Analysis of matrix background
As some of the spiked agents were applied to filters with “background” genetic material (dirty filter samples), analysis of the non-target sequences was also performed. The results for the 48 h data from all samples of Set 1 and Set 2 are presented in Additional file 2: Figure S2 and S3, respectively. Sequencing reads were combined across the 5 concentrations and grouped by organism and condition, resulting in 27 unique samples in set 1, and 9 unique samples in set 2. These reads were binned into four categories: amplicon_mapped reads that mapped to an assay amplicon reference; contig_mapped, reads that did not map to any assay amplicon reference that then mapped to a set of reference whole genome sequence of all spiked organisms (the whole genome sequences of the spiked organisms were generated using Illumina platform); classified, reads that did not map to any of the assay amplicon references or reference genomes that then classified via Kraken (v1)  using a RefSeq database; and unclassified, reads that remained unclassified via Kraken. Combined QC read counts ranged from 249,092 to 9.6 million, with a median of 1.2 million. While total read counts across all conditions varied, there is a general, and unsurprising, trend toward higher counts in samples recovered from dirty filters.
It was anticipated that sequencing-based detection of specific sequences would be more difficult in samples extracted from a complex/ “dirty” matrix background with more background reads than clean filter or cocktail buffer samples. Additional file 2: Figure S2 supports the assumption that the proportion of reads mapped to an assay target (i.e., “amplicon_mapped” reads) increases as condition complexity decreases in a majority of cases (CB > CF > DF). The amplicon mapped reads varied from near 0 to 93% of total sample reads. The average basecall quality (phred33) and read length for all “contig_mapped” reads are 12.6 and 2726 bp (base pairs), respectively. In all samples, the majority of remaining reads (those reads not mapping to amplicon or contig references) remain “unclassified”, and the average basecall quality and read length for this post-mapping read group is only 8.1 and 92 bp, respectively. This significant reduction in both basecall quality and read length is likely due to the chemical or irradiation inactivation step for all spiked organisms except Bacillus (708-live), and may explain why these reads could not be mapped to a contig reference or classified using Kraken.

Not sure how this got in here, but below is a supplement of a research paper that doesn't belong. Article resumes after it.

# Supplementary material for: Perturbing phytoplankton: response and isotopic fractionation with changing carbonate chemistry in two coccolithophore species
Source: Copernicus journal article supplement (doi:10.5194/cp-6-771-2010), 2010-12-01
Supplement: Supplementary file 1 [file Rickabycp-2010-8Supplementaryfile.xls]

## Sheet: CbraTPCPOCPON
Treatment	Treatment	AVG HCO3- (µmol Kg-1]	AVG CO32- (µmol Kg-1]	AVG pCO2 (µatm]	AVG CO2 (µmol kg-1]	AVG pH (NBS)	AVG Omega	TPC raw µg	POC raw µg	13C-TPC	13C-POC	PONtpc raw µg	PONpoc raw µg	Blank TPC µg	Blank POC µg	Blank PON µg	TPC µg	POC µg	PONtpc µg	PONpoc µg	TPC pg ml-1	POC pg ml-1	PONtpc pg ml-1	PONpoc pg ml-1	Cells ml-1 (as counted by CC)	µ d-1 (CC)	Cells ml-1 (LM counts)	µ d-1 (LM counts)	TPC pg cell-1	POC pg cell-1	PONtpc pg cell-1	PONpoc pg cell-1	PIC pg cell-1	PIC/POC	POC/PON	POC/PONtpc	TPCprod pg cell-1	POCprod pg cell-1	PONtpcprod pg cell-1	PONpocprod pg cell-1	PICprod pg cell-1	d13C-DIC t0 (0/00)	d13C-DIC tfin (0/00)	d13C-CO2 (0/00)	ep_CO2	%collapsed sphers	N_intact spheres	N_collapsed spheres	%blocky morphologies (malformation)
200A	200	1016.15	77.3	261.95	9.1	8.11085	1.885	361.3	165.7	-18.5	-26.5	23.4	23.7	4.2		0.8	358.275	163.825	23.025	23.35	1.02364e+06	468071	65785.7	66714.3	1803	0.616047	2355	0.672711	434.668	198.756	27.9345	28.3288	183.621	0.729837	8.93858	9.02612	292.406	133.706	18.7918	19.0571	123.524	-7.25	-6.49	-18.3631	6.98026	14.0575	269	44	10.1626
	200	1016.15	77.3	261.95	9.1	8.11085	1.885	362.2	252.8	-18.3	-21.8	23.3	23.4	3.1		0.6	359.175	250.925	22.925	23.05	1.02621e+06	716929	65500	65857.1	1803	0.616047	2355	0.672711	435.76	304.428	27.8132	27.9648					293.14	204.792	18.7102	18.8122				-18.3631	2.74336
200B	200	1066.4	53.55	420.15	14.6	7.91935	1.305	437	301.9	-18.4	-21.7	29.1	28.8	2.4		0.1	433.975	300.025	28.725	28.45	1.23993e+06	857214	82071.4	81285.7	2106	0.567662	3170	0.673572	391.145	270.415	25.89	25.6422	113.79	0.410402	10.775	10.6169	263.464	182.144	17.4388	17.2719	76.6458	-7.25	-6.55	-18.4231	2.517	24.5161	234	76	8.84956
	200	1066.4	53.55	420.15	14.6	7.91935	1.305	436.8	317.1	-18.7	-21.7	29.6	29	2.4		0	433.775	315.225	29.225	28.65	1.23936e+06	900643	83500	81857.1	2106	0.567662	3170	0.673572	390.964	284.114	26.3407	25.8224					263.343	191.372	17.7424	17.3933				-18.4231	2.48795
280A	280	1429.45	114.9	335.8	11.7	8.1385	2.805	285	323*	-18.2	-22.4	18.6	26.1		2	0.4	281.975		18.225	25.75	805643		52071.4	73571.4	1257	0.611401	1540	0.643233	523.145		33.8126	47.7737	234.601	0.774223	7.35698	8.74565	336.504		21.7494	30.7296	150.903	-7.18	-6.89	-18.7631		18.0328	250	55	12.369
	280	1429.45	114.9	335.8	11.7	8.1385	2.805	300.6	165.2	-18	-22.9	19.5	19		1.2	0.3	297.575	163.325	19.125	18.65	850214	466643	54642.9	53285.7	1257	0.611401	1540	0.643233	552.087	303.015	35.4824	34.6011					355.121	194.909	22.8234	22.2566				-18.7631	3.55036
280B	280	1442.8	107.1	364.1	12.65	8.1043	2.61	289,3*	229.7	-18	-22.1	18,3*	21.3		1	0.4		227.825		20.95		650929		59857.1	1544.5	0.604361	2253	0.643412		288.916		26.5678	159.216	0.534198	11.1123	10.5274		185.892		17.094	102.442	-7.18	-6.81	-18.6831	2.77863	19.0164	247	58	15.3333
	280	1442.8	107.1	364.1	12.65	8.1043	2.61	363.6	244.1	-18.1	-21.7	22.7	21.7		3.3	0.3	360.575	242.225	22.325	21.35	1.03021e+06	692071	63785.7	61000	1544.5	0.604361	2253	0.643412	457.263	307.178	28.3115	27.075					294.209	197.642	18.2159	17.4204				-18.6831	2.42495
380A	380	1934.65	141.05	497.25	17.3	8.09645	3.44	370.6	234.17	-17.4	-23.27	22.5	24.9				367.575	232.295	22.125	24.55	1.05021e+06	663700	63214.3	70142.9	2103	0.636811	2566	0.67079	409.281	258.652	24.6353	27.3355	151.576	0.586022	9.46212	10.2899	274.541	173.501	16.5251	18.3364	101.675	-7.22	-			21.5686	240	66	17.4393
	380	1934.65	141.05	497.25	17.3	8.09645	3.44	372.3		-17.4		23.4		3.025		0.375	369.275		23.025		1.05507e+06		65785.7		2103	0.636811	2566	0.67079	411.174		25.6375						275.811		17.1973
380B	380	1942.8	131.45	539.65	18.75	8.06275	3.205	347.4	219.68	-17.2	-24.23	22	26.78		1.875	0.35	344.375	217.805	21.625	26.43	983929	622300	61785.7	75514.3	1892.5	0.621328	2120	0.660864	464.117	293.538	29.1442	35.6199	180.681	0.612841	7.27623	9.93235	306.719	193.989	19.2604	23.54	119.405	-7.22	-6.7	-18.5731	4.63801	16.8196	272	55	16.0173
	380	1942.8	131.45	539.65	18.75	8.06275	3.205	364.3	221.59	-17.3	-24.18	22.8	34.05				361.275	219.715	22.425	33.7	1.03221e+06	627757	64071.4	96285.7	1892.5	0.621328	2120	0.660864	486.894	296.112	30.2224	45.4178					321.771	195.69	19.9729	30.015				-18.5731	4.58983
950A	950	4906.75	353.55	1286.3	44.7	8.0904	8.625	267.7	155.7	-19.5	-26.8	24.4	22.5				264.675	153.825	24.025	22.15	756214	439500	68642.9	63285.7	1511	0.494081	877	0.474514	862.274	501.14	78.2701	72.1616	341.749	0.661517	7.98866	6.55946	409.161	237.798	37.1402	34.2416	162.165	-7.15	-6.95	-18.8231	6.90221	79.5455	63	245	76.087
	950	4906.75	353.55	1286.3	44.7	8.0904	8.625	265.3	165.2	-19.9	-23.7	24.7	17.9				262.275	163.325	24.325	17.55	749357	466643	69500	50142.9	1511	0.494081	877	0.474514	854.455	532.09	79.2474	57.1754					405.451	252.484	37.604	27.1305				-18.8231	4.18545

Determination of the sensitivity, specificity, and precision of real-time PCR and sequencing approaches